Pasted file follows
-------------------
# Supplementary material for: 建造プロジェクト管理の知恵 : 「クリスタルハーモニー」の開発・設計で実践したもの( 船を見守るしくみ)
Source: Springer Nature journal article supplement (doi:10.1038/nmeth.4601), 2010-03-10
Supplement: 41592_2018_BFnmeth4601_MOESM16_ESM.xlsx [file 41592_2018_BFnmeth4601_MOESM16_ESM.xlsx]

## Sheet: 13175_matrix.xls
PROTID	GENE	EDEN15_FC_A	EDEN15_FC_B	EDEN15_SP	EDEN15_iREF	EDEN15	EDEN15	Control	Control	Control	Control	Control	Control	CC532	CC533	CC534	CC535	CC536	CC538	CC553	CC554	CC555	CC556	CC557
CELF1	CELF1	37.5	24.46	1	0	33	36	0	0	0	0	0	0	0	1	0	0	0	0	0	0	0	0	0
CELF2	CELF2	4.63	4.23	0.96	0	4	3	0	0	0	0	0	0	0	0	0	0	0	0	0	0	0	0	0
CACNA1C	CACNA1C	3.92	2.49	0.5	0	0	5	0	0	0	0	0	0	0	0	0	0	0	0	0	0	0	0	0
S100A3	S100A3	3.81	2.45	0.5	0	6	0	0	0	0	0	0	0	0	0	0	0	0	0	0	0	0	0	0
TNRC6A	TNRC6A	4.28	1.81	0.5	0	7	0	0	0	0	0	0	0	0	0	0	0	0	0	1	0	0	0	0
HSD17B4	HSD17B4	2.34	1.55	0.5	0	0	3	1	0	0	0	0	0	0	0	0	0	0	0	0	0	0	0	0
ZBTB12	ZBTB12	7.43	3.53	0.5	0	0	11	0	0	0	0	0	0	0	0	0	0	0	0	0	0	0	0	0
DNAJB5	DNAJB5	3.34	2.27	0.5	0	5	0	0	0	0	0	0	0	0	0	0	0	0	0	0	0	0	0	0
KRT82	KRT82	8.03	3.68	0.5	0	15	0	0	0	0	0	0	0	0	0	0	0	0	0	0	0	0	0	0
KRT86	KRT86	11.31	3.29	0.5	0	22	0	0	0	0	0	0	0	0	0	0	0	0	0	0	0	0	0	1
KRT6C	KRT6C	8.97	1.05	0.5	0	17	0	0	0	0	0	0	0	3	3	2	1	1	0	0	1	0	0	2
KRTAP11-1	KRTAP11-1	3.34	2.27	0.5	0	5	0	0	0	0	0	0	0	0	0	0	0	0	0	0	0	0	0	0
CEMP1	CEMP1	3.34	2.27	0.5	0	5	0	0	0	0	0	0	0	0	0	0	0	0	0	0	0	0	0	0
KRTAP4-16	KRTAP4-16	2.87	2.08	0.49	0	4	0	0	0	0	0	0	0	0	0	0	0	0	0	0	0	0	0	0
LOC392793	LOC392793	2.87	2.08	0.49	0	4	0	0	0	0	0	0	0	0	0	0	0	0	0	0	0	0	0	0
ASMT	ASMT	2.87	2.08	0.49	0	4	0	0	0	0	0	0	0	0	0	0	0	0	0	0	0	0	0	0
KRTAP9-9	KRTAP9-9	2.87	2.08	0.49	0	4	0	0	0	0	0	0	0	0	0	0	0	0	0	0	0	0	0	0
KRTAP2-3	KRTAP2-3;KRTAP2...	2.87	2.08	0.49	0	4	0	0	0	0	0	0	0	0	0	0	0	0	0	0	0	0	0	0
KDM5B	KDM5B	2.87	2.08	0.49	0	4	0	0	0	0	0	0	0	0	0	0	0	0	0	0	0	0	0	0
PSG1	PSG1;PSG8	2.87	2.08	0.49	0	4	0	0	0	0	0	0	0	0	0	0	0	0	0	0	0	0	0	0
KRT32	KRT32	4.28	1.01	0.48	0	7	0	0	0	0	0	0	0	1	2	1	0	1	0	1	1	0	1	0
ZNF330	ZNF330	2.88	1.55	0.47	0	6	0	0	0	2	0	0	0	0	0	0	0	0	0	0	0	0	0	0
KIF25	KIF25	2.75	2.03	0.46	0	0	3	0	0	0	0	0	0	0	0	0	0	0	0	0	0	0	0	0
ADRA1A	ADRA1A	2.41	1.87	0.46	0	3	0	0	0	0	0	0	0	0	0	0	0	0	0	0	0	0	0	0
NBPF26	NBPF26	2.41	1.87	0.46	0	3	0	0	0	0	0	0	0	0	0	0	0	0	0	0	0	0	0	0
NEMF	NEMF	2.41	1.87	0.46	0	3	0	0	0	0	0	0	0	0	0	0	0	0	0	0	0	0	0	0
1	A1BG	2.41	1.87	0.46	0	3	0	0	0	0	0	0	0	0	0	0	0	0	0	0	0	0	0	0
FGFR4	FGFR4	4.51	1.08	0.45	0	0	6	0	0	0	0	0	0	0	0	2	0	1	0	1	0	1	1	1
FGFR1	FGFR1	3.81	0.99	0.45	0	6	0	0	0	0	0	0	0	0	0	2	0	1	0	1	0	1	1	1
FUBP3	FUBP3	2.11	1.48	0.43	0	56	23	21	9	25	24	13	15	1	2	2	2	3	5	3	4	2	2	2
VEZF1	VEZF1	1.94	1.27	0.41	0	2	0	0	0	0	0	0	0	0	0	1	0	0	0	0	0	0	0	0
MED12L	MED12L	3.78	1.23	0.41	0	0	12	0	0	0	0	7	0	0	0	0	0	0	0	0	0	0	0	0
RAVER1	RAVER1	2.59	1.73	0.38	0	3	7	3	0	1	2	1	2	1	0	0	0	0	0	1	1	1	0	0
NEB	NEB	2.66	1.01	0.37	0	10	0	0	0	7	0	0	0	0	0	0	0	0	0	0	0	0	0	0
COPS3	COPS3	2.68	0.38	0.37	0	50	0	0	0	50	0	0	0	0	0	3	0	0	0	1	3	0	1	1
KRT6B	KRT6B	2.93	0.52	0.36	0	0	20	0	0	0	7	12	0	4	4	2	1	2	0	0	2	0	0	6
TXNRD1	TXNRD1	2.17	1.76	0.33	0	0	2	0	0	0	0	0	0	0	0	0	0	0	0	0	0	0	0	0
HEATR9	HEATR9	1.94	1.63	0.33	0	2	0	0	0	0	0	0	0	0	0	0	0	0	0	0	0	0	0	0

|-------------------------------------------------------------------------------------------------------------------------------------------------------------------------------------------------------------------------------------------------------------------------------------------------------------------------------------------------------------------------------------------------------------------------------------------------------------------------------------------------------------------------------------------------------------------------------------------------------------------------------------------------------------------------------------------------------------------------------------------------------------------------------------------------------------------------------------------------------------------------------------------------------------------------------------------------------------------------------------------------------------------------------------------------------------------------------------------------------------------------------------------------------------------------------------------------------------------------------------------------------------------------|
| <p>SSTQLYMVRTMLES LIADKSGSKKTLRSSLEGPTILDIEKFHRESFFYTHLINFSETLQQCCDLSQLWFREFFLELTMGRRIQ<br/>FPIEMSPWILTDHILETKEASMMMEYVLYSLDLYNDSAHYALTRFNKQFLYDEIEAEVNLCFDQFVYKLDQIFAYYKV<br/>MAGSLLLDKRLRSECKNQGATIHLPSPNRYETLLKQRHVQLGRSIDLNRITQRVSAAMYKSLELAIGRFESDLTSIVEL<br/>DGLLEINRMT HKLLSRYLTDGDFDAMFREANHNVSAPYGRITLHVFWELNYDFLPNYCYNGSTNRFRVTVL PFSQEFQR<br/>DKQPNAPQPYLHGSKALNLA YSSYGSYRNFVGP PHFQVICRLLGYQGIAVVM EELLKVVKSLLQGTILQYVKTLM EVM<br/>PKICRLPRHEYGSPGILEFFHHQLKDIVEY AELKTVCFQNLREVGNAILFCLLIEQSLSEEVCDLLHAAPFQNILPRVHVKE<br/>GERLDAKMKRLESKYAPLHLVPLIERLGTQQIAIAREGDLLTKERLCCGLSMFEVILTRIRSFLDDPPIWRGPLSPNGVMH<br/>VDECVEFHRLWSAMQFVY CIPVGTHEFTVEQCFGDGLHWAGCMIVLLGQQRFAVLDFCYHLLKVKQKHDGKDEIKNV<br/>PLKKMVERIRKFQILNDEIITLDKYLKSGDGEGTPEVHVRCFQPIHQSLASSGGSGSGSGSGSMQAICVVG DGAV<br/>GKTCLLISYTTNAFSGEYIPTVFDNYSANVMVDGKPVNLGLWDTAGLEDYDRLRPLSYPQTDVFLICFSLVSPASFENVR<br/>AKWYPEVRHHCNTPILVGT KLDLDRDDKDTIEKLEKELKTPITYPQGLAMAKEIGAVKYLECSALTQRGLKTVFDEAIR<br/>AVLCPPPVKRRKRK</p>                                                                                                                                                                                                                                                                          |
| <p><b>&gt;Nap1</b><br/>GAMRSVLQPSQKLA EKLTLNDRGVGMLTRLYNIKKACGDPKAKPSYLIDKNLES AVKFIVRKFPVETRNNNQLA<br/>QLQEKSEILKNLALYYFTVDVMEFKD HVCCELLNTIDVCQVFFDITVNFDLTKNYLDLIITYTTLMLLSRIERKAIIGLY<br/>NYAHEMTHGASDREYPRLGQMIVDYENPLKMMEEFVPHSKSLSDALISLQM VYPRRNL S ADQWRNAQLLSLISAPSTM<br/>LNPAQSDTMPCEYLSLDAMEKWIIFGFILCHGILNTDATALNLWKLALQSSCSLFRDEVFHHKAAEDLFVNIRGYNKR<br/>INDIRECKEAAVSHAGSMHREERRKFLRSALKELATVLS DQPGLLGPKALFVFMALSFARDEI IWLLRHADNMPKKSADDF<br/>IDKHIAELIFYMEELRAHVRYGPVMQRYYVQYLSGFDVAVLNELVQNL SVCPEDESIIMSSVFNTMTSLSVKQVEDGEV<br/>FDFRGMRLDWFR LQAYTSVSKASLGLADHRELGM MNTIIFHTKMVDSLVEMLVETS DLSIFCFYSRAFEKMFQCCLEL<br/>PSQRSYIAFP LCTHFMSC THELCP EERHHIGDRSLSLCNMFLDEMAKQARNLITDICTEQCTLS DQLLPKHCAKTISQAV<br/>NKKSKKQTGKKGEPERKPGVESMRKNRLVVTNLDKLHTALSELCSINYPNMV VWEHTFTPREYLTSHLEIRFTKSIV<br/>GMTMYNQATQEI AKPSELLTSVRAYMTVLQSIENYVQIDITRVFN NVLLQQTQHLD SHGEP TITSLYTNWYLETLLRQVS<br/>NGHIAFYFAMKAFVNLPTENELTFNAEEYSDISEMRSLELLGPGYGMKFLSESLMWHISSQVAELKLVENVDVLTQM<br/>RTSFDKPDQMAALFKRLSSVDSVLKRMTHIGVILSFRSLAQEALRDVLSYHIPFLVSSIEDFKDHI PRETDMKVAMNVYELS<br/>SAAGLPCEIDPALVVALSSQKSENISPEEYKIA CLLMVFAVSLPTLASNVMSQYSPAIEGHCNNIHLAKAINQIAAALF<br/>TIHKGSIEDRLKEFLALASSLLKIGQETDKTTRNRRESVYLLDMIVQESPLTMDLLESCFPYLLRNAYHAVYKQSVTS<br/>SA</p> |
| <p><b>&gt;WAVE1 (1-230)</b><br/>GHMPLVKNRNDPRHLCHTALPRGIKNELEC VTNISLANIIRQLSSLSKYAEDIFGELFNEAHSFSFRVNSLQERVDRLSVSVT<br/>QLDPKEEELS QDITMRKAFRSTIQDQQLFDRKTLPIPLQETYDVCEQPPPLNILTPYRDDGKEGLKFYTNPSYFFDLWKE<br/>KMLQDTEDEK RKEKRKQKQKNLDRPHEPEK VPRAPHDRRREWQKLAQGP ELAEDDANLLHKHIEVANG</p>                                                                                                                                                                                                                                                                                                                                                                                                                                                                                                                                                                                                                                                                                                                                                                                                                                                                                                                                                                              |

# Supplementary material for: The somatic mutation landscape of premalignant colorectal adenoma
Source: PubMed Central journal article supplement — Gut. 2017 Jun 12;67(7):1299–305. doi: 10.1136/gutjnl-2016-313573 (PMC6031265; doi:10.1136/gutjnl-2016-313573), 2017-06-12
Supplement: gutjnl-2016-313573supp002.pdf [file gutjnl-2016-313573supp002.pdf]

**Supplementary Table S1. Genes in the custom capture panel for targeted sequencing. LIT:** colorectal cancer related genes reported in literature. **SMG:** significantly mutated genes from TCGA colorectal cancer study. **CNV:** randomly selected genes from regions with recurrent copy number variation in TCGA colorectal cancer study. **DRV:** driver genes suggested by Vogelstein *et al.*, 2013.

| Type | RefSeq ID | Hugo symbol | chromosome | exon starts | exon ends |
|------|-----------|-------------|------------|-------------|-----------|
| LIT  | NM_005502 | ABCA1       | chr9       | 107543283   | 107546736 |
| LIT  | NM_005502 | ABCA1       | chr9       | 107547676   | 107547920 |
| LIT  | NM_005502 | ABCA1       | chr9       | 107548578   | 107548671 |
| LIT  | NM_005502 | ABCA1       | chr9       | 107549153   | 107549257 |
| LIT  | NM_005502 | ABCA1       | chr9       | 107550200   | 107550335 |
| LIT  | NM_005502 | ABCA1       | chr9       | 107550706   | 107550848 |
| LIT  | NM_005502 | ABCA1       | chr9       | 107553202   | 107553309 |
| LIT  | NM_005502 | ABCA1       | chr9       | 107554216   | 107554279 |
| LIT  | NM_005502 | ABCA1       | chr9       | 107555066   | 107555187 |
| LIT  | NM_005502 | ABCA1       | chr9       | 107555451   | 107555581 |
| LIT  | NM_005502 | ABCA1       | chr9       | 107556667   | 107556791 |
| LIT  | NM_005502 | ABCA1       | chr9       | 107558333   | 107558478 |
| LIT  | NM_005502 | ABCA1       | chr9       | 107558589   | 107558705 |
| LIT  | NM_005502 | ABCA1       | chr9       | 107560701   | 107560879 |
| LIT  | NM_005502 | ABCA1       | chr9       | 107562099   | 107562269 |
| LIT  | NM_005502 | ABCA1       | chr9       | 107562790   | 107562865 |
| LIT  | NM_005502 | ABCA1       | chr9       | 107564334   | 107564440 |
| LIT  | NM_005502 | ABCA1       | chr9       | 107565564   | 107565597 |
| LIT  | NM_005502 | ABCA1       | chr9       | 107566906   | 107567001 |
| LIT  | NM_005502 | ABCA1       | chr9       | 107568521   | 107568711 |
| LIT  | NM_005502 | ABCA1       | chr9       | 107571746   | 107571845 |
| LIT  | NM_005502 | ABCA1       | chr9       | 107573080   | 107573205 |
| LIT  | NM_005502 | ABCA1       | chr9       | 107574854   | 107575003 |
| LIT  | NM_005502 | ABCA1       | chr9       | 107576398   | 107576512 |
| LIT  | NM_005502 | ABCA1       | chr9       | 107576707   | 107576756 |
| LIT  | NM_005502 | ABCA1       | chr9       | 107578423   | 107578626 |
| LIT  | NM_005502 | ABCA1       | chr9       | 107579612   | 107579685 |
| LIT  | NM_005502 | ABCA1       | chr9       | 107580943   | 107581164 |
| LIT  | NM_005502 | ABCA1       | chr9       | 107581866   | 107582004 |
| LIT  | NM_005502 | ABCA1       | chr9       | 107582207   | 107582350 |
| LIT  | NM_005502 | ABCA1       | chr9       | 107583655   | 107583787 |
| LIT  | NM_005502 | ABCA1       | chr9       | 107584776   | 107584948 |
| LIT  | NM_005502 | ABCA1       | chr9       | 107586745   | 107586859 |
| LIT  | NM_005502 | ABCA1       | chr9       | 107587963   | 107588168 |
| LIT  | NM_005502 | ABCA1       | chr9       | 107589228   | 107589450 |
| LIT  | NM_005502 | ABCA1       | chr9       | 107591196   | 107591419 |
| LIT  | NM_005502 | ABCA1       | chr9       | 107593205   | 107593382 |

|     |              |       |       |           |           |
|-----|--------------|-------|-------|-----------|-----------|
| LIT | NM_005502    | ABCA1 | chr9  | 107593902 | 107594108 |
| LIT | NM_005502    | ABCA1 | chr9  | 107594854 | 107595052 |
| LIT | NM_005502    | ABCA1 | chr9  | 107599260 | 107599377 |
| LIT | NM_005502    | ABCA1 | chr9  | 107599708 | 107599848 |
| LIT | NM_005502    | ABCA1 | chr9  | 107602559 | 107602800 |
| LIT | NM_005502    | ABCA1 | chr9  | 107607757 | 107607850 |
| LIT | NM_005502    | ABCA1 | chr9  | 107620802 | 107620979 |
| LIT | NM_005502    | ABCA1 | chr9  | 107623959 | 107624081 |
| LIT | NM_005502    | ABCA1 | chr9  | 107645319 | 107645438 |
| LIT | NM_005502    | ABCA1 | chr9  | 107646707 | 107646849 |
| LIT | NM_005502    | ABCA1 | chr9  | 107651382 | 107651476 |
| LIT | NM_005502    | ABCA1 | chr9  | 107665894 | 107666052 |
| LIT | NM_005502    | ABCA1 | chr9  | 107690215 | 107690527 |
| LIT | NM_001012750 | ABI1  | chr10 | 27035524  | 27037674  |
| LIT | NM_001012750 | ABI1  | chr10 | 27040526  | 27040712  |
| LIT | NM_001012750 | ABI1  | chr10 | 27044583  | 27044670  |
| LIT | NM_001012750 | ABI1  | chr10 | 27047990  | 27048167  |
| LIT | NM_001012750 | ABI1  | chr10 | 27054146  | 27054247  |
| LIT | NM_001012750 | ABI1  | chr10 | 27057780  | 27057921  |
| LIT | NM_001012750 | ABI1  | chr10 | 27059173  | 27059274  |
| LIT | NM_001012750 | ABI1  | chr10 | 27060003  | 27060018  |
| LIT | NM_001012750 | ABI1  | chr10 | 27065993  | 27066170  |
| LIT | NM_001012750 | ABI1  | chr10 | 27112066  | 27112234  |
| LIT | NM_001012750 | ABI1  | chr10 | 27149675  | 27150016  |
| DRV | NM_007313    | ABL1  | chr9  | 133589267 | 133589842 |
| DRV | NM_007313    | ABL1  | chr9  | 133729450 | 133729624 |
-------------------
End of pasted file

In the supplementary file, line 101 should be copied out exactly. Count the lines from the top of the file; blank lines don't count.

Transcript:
| LIT | NM_005502    | ABCA1 | chr9  | 107645319 | 107645438 |